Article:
SCOTTSBLUFF, Neb. — Nebraskans are pretty passionate about their property tax pain.
That was readily apparent Monday during the first public hearing conducted by a special legislative commission looking at how to make state and local taxes fairer and more competitive.
Complaints that property taxes are too high, especially for ranchers and farmers, were made early and often during the nearly three-hour hearing at Western Nebraska Community College. About 200 people attended, including a caravan of 20 people from Chadron who drove 100 miles to gripe about high land taxes.
“Fewer and fewer (agriculture) producers are paying more and more of the tax bill,” said rancher Jeff Metz of Angora.
Ranchers estimated that property taxes consume 10 percent to 30 percent of their income. Another said her property tax bill amounted, in a normal year, to nearly $90 per head of cattle sold on the ranch.
“The financial support needs to come from somewhere else,” said Alice Sibbitt of Hyannis.
The problem with state taxes came through loud and clear, said State Sen. Galen Hadley of Kearney, who is chairman of the Legislature's Tax Modernization Commission.
What wasn't so clear was the solution, said Hadley, who also is chairman of the tax-writing Revenue Committee. The state has plenty of property but few people, it often is said.
“It's a hard problem,” he said. “There aren't easy solutions.”
The Tax Modernization Commission was formed to explore ways to improve the state's tax system. Its stated goal is to shift taxes, not reduce them.
The commission, whose recommendations are due in December, emerged from the ashes of Gov. Dave Heineman's proposal earlier this year to eliminate all state income taxes.
That idea was shot full of holes by business, farm, hospital, church and nonprofit groups that harshly criticized the plan, which included eliminating several sales tax breaks now enjoyed by those groups.
The governor, however, has continued to push for tax changes, saying Nebraska's taxes are too high compared with its neighboring states and must be reformed and reduced to make the state competitive.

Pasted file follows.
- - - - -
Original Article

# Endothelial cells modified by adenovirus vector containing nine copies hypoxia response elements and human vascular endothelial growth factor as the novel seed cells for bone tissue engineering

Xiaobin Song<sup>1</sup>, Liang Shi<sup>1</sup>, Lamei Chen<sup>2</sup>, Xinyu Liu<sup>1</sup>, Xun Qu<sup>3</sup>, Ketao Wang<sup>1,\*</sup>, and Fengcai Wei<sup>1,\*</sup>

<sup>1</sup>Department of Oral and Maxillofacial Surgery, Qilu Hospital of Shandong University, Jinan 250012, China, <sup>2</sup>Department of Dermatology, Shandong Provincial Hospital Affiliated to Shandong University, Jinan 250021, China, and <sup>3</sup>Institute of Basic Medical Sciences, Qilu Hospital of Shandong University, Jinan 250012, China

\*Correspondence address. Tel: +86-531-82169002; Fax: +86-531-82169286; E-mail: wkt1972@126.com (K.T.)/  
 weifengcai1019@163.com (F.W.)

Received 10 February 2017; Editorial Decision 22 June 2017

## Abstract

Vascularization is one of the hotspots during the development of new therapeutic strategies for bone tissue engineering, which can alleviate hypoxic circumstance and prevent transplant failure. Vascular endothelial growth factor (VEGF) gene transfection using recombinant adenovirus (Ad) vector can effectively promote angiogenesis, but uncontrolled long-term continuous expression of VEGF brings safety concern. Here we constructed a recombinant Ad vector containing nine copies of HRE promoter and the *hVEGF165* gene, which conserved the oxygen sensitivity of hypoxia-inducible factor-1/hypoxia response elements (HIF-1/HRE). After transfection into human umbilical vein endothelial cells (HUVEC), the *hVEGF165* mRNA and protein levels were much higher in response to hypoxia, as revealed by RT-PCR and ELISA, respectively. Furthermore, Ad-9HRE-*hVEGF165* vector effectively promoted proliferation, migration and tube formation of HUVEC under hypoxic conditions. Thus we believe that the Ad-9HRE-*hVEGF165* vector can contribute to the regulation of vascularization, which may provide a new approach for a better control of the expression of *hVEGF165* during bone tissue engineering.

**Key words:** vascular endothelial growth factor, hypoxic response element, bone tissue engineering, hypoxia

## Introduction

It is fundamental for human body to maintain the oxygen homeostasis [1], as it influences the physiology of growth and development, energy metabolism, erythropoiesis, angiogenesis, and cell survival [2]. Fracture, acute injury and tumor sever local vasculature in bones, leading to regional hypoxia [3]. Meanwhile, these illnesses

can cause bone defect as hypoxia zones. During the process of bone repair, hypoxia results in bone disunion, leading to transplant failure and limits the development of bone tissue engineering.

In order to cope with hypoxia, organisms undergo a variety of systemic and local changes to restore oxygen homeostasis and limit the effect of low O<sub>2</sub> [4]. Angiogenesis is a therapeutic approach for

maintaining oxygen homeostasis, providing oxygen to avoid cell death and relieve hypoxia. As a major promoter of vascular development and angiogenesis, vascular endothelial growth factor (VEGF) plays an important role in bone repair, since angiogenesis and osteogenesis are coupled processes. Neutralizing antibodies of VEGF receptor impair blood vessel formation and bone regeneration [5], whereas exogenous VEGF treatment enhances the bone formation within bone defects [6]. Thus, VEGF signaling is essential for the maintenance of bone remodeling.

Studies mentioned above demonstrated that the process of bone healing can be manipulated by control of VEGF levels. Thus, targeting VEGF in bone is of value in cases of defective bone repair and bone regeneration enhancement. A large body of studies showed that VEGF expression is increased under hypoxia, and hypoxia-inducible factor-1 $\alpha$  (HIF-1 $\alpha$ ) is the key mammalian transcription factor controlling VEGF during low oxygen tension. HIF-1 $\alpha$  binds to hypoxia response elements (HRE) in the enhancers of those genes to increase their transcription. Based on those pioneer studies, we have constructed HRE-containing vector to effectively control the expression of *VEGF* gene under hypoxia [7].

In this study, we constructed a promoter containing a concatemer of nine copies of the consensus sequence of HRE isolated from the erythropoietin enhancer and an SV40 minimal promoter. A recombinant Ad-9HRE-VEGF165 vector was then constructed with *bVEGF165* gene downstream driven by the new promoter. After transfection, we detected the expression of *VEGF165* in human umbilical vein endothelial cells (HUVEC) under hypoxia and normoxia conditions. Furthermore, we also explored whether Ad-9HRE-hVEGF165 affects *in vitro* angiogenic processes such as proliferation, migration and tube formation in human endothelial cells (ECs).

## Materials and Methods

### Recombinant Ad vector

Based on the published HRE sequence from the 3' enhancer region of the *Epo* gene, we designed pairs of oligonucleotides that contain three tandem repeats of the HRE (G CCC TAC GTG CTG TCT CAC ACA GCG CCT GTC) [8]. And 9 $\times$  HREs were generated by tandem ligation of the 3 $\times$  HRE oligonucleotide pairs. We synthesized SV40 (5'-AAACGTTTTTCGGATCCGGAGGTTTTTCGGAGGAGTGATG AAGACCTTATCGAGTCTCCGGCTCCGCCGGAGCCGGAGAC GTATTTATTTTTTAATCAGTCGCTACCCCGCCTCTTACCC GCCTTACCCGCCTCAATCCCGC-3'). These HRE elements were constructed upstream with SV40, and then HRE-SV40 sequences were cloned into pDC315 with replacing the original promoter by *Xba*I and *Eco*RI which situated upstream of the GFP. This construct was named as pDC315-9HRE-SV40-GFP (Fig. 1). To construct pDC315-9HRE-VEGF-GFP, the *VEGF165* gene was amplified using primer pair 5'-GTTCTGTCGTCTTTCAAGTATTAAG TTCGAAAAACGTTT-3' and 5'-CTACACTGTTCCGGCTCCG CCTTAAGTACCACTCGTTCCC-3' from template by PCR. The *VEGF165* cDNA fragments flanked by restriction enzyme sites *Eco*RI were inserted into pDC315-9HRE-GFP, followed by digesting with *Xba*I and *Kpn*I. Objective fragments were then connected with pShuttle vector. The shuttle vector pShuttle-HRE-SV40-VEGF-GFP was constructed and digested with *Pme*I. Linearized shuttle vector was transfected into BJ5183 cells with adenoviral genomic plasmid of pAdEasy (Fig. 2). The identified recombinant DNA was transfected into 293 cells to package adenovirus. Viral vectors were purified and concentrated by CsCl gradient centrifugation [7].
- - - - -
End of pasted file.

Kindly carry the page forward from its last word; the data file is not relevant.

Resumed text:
On Monday, representatives of farm groups, ethanol plants, hospitals and airports continued their chorus of opposition to Heineman's initial plan.
Farmers and a representative of a chain of implement dealerships also asked for a new exemption on repair parts for farm machinery.
Audience members suggested several ways to replace cuts in property taxes.
One method frequently mentioned was increasing tax funds the state sends to local schools and counties — aid that is funded by state sales and income taxes. To increase state aid, some suggested increasing the state sales-tax rate, now 5.5 percent, or broadening the tax base to include more services.
Taxing food purchased at the grocery store, now exempt, also was suggested by one person. Hadley said he didn't believe that change was politically feasible, but he said he was willing consider taxing additional services.
That, history has demonstrated, is easier said than done.
A decade ago, Nebraska added new taxes on services, including the labor costs billed by remodeling contractors. The uproar over that tax prompted its repeal after only a few years.
Several ranchers asked that ag land be valued to reflect its income-producing potential, not just its market value. In recent years, the value of farm and ranchland has skyrocketed, increasing tax bills as well as making many rural school districts ineligible for any state aid.
One suggestion was to follow Iowa's example and limit how much property taxes can rise in order to avoid steep hikes.
Chadron rancher Chris Garrett said drought devastated his wheat and hay crops in recent years, leaving him with only a fraction of a crop.
“It's a high-risk endeavor. The only thing I can count on is the property tax bill will continue to rise,” he said.
Morrill County Board member Steve Erdman, whose son Phil is a former state senator, said the major problem with the tax modernization study is that it isn't considering reducing state services.
A couple of people advocated cuts in income taxes for retirees.
Nebraska is one of the few states that doesn't offer tax breaks on Social Security income, said Jim McDermott of Scottsbluff.
“Most states are trying to attract more people,” McDermott said. “What we're doing is driving people who are retired from Nebraska.”
The Tax Modernization Commission will hold another public hearing Tuesday at 1:30 p.m. at Mid-Plains Community College in North Platte. It moves to Norfolk on Thursday for a 1:30 p.m. session at Northeast Nebraska Community College. Additional hearings are scheduled Oct. 17 in Omaha and Oct. 18 in Lincoln.